JB: I hope so, I actually haven’t seen any of it in book form yet. I think they’re still working that out.
ID: So that’s something our drummer fans can keep an eye out for then? Some future drum tabs.
JB: Yeah, I know they put out Volition, I didn’t do that one, their current drummer (Mike Ieradi) did that one. Yeah, I think that’s the only one they have out already, but the rest are coming.
MH: Outside of Earth’s Yellow Sun I do a few other musical projects, but my job is I work at the Apple Store. I’m a technician at the Genius Bar. And, I like scotch. And I like Star Wars!
ID: How excited are you for the Force Awakens?
JH: Oh man, I’ve got tickets for the 17th and 18th!
JB: But what about the new Batman versus Superman movie? Holy shiiiiiiiit!
ID: Yo, that trailer was so spoilery.
JH: Yeah I didn’t watch it yet, but I heard that.
ID: I kinda care, I kinda wish they didn’t show Doomsday in the trailer, that would have been a nice surprise in the movie.
JB: I’m sure there’ll be a lot more that they haven’t shown us.
JH: Yeah, when I’m not playing music, or doing other band stuff or the JCS musical theatre thing, I run my own guitar repair business out of my apartment. Hanff guitar repair, facebook.com/hanffguitarrepair! Shameless plug! So come see me if you need a setup! I also work in a recording studio in the East End, and…that’s about it, I guess.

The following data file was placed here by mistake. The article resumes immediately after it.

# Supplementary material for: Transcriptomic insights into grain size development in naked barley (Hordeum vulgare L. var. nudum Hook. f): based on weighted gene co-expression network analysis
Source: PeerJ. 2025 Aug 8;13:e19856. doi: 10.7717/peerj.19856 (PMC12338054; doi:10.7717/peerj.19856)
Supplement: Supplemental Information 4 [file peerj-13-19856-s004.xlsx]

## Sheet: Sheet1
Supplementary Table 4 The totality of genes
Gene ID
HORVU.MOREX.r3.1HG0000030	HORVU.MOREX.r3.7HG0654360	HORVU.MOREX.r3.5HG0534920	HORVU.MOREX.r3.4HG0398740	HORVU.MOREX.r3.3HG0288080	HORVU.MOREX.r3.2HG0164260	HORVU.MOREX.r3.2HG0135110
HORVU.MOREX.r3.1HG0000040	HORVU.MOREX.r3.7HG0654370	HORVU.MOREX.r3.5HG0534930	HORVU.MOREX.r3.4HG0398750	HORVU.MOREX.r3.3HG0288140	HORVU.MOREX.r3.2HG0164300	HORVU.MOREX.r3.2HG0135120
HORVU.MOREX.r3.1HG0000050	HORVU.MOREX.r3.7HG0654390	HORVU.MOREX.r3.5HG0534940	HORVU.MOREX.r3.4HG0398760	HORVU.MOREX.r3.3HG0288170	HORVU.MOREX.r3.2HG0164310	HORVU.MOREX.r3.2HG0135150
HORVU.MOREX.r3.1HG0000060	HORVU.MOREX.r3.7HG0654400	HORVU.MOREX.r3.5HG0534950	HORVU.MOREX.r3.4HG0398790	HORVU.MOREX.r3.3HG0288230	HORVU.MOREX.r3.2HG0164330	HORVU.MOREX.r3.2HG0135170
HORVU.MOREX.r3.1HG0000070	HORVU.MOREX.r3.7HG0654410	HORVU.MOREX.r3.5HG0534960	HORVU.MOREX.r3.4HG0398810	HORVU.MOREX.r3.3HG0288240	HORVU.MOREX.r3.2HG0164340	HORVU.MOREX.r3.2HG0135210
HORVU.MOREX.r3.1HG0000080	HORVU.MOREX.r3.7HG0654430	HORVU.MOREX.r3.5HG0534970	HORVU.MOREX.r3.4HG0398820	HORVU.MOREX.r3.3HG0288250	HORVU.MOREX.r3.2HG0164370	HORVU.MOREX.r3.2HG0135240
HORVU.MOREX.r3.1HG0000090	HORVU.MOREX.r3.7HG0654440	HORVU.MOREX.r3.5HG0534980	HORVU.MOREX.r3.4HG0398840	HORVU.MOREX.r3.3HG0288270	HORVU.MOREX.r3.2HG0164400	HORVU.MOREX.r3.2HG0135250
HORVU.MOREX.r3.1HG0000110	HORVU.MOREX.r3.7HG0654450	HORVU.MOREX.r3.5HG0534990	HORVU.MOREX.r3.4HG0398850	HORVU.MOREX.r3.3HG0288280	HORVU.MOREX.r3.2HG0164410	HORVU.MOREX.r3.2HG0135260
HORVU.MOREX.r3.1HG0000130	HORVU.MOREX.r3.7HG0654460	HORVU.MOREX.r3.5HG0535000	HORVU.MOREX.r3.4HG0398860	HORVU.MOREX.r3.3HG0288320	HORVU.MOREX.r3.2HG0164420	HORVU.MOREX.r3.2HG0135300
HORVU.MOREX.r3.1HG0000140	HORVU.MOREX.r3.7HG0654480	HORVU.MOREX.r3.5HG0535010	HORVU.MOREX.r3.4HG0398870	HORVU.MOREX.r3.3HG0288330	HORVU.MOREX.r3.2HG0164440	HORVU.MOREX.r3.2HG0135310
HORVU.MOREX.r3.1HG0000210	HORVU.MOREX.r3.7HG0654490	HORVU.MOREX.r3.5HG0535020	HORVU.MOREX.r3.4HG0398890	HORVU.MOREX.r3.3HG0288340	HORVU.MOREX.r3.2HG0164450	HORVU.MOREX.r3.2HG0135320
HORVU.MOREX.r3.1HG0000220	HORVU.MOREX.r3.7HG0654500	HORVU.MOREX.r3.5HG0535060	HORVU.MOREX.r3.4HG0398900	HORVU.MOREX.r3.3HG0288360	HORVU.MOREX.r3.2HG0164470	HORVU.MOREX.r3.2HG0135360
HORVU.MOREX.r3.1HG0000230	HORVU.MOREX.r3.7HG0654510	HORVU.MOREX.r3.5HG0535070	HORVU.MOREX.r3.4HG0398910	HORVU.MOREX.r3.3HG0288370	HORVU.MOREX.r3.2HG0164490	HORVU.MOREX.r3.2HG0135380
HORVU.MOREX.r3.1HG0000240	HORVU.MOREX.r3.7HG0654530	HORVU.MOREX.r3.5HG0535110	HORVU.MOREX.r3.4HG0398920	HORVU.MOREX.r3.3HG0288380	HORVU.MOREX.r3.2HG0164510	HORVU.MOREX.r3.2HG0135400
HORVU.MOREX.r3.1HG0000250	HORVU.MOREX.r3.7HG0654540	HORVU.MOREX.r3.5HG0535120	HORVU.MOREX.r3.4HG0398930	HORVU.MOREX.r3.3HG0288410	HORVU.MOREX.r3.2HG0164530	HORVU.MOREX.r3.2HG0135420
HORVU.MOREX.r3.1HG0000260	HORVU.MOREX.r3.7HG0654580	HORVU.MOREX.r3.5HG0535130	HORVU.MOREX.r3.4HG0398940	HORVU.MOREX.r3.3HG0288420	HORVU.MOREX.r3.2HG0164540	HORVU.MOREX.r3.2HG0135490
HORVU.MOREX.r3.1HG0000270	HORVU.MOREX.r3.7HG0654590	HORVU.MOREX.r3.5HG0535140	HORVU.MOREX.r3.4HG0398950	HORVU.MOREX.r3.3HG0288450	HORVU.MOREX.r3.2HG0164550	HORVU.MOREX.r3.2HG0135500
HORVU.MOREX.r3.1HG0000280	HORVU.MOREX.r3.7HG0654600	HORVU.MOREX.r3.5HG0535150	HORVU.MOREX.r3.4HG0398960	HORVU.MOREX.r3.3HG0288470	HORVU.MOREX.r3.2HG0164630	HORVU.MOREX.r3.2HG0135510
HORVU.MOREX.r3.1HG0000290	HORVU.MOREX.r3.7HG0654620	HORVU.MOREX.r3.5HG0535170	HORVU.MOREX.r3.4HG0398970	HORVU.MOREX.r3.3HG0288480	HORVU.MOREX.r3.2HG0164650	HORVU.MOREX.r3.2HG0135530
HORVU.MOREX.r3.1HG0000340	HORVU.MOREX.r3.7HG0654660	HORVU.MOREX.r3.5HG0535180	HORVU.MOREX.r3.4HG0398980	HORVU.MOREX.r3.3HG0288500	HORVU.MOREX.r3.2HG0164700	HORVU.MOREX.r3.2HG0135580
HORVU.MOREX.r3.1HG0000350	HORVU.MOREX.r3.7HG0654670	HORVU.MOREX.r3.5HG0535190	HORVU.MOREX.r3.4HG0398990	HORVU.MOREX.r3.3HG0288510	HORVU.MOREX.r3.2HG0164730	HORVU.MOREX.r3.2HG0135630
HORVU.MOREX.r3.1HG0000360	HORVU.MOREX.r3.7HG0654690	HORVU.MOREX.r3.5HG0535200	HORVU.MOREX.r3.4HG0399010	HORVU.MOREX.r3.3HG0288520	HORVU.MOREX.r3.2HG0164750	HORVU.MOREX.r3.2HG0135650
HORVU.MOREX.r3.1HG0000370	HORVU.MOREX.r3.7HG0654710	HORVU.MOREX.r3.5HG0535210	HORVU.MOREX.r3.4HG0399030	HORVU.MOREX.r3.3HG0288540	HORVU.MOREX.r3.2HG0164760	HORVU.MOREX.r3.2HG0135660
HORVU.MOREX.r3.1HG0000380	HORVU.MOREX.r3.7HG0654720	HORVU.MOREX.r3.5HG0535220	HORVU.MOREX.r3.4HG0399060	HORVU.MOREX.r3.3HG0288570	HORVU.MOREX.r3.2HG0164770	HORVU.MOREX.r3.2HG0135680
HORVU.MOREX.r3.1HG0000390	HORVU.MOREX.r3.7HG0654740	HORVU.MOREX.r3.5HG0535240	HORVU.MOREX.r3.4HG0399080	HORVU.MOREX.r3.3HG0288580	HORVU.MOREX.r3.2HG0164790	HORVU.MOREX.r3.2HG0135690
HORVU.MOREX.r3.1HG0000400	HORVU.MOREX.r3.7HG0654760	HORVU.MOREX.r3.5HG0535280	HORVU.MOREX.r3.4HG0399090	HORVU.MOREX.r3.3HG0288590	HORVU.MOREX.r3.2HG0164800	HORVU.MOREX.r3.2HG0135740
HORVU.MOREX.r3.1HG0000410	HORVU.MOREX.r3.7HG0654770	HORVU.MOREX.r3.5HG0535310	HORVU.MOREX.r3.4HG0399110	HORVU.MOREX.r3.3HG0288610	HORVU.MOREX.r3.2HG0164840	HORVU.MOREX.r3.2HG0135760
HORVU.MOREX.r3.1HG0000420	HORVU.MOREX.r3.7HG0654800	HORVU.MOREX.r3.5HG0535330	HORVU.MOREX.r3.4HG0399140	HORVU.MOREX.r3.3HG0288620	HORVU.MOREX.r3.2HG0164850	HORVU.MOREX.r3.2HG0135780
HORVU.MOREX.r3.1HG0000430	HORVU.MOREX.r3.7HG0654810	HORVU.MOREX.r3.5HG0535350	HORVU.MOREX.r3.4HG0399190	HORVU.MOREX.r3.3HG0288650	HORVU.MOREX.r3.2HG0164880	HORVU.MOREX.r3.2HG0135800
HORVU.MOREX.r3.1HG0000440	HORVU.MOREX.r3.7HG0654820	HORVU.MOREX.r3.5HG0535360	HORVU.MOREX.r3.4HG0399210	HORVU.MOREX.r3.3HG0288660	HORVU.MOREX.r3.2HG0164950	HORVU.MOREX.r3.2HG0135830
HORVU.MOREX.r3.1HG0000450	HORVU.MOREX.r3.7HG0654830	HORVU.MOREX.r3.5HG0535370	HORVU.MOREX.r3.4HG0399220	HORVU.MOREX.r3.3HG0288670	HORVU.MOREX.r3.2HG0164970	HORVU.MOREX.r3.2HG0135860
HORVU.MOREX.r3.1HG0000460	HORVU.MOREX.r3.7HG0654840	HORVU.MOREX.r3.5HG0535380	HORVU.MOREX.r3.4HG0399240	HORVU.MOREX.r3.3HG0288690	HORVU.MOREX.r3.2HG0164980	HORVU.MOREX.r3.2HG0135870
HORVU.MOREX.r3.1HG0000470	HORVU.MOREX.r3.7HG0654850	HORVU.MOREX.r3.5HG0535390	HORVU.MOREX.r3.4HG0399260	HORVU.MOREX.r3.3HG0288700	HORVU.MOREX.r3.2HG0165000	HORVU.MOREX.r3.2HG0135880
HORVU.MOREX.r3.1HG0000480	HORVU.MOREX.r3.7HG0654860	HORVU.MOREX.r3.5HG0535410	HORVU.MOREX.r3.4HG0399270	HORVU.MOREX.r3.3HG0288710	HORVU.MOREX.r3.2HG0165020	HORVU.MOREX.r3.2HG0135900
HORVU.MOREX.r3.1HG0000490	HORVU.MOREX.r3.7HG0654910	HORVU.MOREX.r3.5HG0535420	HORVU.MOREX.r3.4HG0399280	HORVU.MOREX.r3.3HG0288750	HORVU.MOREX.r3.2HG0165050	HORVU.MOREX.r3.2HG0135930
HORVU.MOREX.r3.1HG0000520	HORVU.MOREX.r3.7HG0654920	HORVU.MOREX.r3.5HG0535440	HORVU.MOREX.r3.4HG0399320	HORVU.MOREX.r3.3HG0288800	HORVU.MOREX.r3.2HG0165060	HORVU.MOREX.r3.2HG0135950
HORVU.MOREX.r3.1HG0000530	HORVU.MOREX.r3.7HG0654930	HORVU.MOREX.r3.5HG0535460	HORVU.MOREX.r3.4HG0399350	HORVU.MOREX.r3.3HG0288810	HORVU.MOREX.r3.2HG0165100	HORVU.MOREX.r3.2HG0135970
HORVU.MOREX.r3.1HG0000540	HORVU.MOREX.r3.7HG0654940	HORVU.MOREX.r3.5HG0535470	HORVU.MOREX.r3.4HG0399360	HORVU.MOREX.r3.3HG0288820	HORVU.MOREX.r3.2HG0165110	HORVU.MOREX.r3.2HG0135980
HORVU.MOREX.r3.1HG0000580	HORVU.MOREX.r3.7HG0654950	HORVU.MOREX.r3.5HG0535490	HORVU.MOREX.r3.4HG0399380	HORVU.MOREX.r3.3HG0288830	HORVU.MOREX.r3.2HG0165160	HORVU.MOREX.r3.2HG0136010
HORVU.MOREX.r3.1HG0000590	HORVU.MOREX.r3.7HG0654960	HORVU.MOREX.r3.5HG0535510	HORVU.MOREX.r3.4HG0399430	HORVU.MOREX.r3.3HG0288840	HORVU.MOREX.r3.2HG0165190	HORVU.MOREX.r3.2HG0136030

MH: We teach!
JB: Yeah, we all teach as well.
ID: This might be super limiting, but if you had to describe your music in one word, which word would it be?
JH: One word? Not one phrase, but one word?
ID: You know what, I’ll give you a word for every member of the band, if that helps.
JB: I was going to say epic.
DS: With my old band in London (Ontario), we described our music as “melopic” – a mix of melodic and epic.
JB: Don’t use that word. I’m not saying the description doesn’t work, but it sounds like… a disease!
DS: Actually, the band was called Final Plague, so…there you go.
JH: I think I’m going to go with dramatic.
JB: Ooh, dramatic. Maybe clusterfunk? Is that hyphenated or one word?
JH: Actually our barry player’s last band in Edmonton (Alberta) was called Clusterfunk!
ID: Awesome, a couple different answers there. So what are your plans for the future? Touring, recording, etc., what’s on the horizon for Earth’s Yellow Sun?
JH: Well, this was actually only our fifth show ever, believe it or not. We’ve been a band for like, a couple years now getting the albums together and we just started playing live in October. So we’re just gonna keep hitting the live stages, like mostly in Toronto and southern Ontario. But obviously, we’re gonna have a bunch of new fans now, so trying to get out there and get people listening to the music, and start writing for our full-length because that’s going to be the next thing we do.